Broadly speaking it’s a good idea to avoid panel heaters, these heaters often don’t produce a whole lot of heat, so while they’re cheaper to run, the can tend to be like throwing money out the window.
If you’re going to get an electric heater, consider getting an oil or convection heater, which will warm up the air in the room you’re in. This is great for keeping your bedroom warm on a chilly night as they tend to be pretty safe to leave on.
This brings us to the other major positive about electric heaters and that’s the portability. Not being connected to a mains gas line means you can pick them up and set them down anywhere where there might be an outlet.
Gas Heaters Pros & Cons
I don’t know about you but when I think of gas and heat I think of an explosion in an action movie.
However apparently some brilliant engineers have managed to make gas heating a real possibility in the 21st Century.
When examining the price and performance there’s quite a lot to consider in your gas heater, that’s why this next section will break down just what you’re in for when you decide to start heating with gas. Let’s take a quick look.
Gas Heater Cost
We’re not gonna lie, a gas heater can be expensive. Quite expensive.
A heavy duty gas heater in Australia could set you back a $2000 depending on how big of a model you need and how big of a room you need to heat.
Even a smaller model of gas heater could sting you for $900. These sorts of prices can be prohibitive for low and middle-income families, so think long and hard about whether this is something you might want to dump a week’s salary into.
However there is another side to the gas heater cost coin. That’s the fact that gas heaters are actually cheaper to run.
Gas costs less than electricity, especially in Australia and especially if you’re living in a state like South Australia where the price of power is even more out of control.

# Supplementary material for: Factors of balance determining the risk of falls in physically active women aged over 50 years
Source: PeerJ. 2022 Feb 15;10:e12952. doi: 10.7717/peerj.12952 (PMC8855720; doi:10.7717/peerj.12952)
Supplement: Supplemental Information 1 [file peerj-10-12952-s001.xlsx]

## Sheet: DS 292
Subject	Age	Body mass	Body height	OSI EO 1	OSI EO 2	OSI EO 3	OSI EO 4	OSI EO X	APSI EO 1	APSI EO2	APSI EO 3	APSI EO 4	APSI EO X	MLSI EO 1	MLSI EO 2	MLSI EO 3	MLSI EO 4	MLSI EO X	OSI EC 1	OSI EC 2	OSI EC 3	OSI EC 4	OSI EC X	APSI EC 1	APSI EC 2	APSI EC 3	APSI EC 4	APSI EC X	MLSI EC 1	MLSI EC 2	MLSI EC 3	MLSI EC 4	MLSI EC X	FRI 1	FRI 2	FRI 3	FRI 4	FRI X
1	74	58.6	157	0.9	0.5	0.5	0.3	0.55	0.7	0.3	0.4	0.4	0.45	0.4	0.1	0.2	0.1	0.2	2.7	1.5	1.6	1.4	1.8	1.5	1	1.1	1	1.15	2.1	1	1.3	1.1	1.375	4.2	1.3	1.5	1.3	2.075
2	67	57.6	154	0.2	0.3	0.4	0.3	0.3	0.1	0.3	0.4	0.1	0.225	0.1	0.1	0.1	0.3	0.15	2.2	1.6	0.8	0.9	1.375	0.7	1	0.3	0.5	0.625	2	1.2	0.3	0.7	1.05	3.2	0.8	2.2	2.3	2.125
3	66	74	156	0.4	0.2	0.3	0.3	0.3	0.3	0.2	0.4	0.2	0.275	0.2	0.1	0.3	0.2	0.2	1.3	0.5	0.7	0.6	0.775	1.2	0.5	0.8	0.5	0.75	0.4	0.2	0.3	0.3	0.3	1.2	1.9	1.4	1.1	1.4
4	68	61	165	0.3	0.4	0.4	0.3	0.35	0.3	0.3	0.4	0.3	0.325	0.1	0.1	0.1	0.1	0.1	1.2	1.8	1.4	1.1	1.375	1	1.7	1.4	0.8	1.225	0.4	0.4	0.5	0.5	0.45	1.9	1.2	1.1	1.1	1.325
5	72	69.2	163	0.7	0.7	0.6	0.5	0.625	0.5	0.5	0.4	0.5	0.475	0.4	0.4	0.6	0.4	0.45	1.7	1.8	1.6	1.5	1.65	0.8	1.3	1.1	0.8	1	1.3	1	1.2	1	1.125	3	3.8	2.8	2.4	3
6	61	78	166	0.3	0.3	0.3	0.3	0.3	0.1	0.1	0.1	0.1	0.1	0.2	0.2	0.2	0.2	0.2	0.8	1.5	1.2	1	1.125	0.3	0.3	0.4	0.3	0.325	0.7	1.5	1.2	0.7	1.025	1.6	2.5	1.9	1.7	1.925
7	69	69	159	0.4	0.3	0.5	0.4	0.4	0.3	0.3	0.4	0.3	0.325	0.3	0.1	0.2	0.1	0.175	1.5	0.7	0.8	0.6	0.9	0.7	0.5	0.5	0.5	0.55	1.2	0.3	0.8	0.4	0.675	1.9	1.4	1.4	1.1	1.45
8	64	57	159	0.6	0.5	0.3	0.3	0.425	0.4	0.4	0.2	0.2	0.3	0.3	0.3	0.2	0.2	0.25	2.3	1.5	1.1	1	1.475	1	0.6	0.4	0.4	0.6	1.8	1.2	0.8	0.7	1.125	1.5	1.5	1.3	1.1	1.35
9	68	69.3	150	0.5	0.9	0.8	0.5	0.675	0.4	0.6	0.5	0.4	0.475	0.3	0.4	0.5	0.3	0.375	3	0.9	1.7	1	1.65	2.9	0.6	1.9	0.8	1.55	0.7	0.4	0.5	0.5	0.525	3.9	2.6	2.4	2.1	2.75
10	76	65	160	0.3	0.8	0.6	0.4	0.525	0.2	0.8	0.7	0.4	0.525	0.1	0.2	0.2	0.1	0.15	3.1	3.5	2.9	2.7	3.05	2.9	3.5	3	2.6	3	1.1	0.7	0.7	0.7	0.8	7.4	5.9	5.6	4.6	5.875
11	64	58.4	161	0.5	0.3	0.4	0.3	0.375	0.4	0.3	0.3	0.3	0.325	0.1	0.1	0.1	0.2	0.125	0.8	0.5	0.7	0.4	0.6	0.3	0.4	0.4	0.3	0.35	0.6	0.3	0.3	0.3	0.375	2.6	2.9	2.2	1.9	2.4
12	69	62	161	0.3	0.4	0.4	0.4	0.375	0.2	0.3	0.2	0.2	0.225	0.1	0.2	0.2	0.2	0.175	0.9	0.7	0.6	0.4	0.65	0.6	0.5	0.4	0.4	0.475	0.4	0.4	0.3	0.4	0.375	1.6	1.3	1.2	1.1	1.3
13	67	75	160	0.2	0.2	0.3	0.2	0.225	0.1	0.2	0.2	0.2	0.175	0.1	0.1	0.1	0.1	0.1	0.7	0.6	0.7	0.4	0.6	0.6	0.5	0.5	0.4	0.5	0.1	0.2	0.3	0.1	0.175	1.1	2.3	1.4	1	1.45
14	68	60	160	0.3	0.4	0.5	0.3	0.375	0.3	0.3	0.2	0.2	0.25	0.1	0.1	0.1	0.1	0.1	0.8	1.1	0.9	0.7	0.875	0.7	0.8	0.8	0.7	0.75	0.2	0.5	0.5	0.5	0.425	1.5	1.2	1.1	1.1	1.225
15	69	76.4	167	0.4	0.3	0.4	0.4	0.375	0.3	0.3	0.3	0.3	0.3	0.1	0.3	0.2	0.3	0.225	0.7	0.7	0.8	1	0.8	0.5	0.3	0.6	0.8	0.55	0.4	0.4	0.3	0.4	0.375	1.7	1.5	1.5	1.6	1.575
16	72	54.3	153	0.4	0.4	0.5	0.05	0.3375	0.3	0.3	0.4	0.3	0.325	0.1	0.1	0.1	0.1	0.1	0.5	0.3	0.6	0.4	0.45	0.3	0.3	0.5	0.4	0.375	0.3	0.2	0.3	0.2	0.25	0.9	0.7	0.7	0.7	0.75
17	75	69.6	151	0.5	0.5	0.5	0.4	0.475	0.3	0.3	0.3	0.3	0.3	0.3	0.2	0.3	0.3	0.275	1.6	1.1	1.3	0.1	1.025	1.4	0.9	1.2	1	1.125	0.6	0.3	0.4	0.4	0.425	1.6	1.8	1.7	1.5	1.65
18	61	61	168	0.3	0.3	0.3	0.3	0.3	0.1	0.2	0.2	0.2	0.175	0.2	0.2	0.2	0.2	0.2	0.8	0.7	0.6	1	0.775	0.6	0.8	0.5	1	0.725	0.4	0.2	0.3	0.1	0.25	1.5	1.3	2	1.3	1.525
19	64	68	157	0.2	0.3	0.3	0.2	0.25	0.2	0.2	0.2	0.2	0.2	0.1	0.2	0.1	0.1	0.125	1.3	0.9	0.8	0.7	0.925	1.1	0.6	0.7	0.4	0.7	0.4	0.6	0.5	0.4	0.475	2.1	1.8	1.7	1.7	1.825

If you’re willing to take the initial hit on the start-up price, long term you could see some savings with the cheap gas running costs.
However if you decide to fuel your gas heater using LPG bottles, this could work out more expensive, so if you’re thinking of going gas, go with the one that’s connected to your mains.
Gas Heater Performance
Okay so that’s the price squared away, how do they perform? Generally you’re going to have a couple of hurdles to overcome when getting a gas heater.
The main one being, you need gas. A typically flued gas heater will be connected to your mains gas supply.
If you don’t have gas at your house you can’t run a flued gas heater. However if you do the world is your oyster.
Gas heaters typically warm a room quicker and how warm you get the room to be is often a lot easier to control.
Based on my personal experience with gas heaters, I can easily say I love being able to come home and turn my gas heater on and have the room warm in minutes. Flued gas heaters are typically pretty safe, if a little nasty on the environment.
However if you go with an unflued gas heater be careful, do not put it in unventilated rooms or leave it on too long.
This is because these heaters can emit dangerous chemicals that can really harm you, and your home. No-one wants to sit around, warm, but sick and in a damp house.
Electric Heaters vs Gas Heaters - Which is Best?
Based on our analysis we’re going to have a few qualifications on which type of heater we recommend.
If you’re strapped for cash, get yourself an electric heater, especially if you live in an area like Queensland that doesn’t get that cold to begin with. An oil or convection heater will do a fine job.
However if you’re really looking for the best in home warming appliances we recommend you get yourself a flued gas heater.
These come with some high start-up costs but are a breeze to run, can warm a room in seconds and are super cheap over the long term.
Overall, the winner is definitely gas heaters, when compared to their electric cousins.
It’s easy to get a better deal you know what’s on the market.
Last update on 2020-02-26 | From Amazon Product Advertising API